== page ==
London and the UK could lose their reputations in the tech industry as a launch pad into Europe if it leaves the single market thanks to Brexit. That is according to channel experts, some of whom fear it could prompt an overall slump in investment across Europe as a whole.
The UK voted to leave the EU with a majority of 52 per cent last week, which came as a surprise and disappointment to many in the tech space. Companies such as Microsoft, Cisco and EMC had campaigned for the UK to remain, although certain pockets of the channel were pleased by the Brexit result.
Since then fears have been voiced about what a vote to leave the EU will mean for the local tech scene. The UK is widely viewed as the launch pad to Europe by a number of tech vendors, many of which are based in the US.
Stuart Fenton (pictured), CEO of Microsoft partner QuantiQ, fears this may no longer be the case, which could harm both the UK and Europe.
"I think if you're going to start a European business today, you're probably not going to choose London or the UK as the launch pad into Europe in this environment," he said. "The challenge is, the incredible pool of talent the UK has, as well as favourable employment laws, is not mirrored anywhere else in Europe.
"As a result, I think you'll find people will invest less in Europe in general because of that lack of flexibility. Yes, more investment will be directed away from the UK, but I don't think it will be replaced like for like in Europe because of the lack of flexibility, the cost of hiring and employment law flexibility in those markets.
"If you're an American company, it would be unfathomable to understand you can employ a European person, have them work with you for 12 months, decide it's not going to work out and [have] to pay them three years' salary because they are the wrong side of 40 years old. That's an incredibly common occurrence in certain markets. When American companies become familiar with it, they will favour youth over experience and invest less anyway. I am not sure it's terrific for Europe either."
Bob Tarzey, service director of analyst Quocirca, agrees.
"There are broader concerns around foreign direct investment in the UK, but there are also very specific IT industry concerns," he said. "The UK has a fairly vibrant tech industry itself but that has been bolstered by the fact all the US and Asian vendors see this country as the first place to set up.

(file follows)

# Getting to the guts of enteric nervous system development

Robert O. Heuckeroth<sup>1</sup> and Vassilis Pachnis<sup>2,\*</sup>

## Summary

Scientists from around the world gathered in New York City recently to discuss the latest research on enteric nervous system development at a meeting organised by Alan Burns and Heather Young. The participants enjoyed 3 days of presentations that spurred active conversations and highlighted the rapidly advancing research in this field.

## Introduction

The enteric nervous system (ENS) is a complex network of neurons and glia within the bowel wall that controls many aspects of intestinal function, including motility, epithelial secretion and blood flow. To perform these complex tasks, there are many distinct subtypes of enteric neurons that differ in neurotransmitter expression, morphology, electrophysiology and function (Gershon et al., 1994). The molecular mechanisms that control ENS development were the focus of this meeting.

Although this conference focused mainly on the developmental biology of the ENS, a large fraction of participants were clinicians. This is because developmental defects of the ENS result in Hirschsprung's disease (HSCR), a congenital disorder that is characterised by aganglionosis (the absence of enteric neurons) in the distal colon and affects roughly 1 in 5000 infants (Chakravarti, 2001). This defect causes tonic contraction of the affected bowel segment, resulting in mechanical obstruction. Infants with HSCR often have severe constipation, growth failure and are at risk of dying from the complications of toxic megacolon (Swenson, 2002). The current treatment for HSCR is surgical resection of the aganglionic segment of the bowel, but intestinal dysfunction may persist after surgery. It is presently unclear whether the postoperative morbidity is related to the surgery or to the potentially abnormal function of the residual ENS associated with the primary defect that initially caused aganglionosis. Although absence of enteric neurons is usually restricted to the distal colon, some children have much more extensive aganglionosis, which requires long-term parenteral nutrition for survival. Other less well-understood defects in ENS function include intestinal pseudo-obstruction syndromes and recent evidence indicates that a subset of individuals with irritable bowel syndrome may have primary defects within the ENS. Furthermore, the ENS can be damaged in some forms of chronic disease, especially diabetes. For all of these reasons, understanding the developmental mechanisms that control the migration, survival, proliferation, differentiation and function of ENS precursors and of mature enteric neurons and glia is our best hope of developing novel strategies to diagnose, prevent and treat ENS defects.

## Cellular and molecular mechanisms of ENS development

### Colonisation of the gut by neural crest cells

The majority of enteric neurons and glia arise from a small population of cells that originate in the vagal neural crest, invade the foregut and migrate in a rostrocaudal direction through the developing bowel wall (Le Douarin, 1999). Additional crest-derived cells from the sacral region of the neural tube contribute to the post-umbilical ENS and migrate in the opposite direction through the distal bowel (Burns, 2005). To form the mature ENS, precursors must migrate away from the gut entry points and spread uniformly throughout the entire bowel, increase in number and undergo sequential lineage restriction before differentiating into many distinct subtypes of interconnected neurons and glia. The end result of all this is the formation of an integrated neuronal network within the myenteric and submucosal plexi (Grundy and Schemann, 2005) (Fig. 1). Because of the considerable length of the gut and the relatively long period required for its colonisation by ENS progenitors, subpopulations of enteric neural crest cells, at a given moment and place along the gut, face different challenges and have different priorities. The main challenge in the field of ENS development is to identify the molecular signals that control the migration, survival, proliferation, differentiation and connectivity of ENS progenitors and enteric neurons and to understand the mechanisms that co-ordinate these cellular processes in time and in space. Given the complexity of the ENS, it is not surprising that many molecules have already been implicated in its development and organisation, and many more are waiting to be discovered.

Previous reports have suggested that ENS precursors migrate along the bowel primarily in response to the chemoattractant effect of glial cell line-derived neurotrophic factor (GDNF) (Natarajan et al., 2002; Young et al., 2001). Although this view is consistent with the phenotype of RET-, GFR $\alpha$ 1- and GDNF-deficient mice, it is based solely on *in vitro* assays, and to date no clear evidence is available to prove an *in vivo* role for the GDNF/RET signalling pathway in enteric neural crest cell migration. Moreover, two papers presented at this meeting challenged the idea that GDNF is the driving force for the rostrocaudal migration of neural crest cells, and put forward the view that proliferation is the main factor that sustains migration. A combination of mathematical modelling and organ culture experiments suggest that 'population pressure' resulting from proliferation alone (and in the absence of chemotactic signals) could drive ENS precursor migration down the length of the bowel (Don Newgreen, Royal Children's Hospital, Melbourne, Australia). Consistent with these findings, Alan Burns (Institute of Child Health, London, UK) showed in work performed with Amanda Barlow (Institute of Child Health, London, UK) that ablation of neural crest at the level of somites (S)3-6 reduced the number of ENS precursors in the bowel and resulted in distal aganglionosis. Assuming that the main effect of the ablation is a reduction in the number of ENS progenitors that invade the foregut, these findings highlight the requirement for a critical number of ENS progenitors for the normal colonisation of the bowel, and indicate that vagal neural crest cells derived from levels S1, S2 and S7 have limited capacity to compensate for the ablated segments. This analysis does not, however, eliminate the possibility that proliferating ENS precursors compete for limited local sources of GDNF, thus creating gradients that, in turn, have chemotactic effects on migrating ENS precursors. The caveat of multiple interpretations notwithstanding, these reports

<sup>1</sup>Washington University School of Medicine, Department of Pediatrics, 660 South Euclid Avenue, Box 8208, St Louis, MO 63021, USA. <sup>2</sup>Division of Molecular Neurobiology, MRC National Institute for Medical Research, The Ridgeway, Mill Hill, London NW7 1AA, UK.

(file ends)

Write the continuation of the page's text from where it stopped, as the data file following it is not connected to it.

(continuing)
"That will be less attractive now if we're not part of the single market. The US start-ups looking to get going in Europe may start looking at Ireland or the Netherlands."
While concerns have been raised in the UK about the stability of the local tech scene, Venky Ganesan, chairman of the board at the US-based National Venture Capital Association, said similar concerns are not shared in Silicon Valley.
In a blog post on LinkedIn, he played down the relevance of the UK to tech start-ups.
"What is the actual financial impact of Brexit for early-stage technology companies in Silicon Valley? Zip, zilch, nada," he said. "Nothing has happened yet. The UK has two years to finalise arrangements with the EU on how the split is going to happen. Two years is a lifetime for an early-stage company.
"The UK market is a very small portion of most start-ups' addressable market in the early days. While a few early-stage companies have customers outside the US, most companies focus on the US market."
But he said he would be worried if he were based this side of the pond.
"Now if you are a start-up in London, or a very large tech company, the impact on you can be significant," he said. "Your access to capital might be constrained because of all the uncertainty this move causes. The other significant impact is psychological.
"When you have major geopolitical change, capital flows away from risky assets to 'safe' ones. It is quite possible that the IPO market which just opened with Twilio would close again. Late-stage financings from non-traditional investors might be hampered."
MSP plans to use new acquisition to expand its security offerings
Reseller also saw its operating profit fall five per cent in its financial 2017
Wendy Bahr to bring 18-year spell at networking giant to an end
AdEPT says latest purchase will push revenue beyond £50m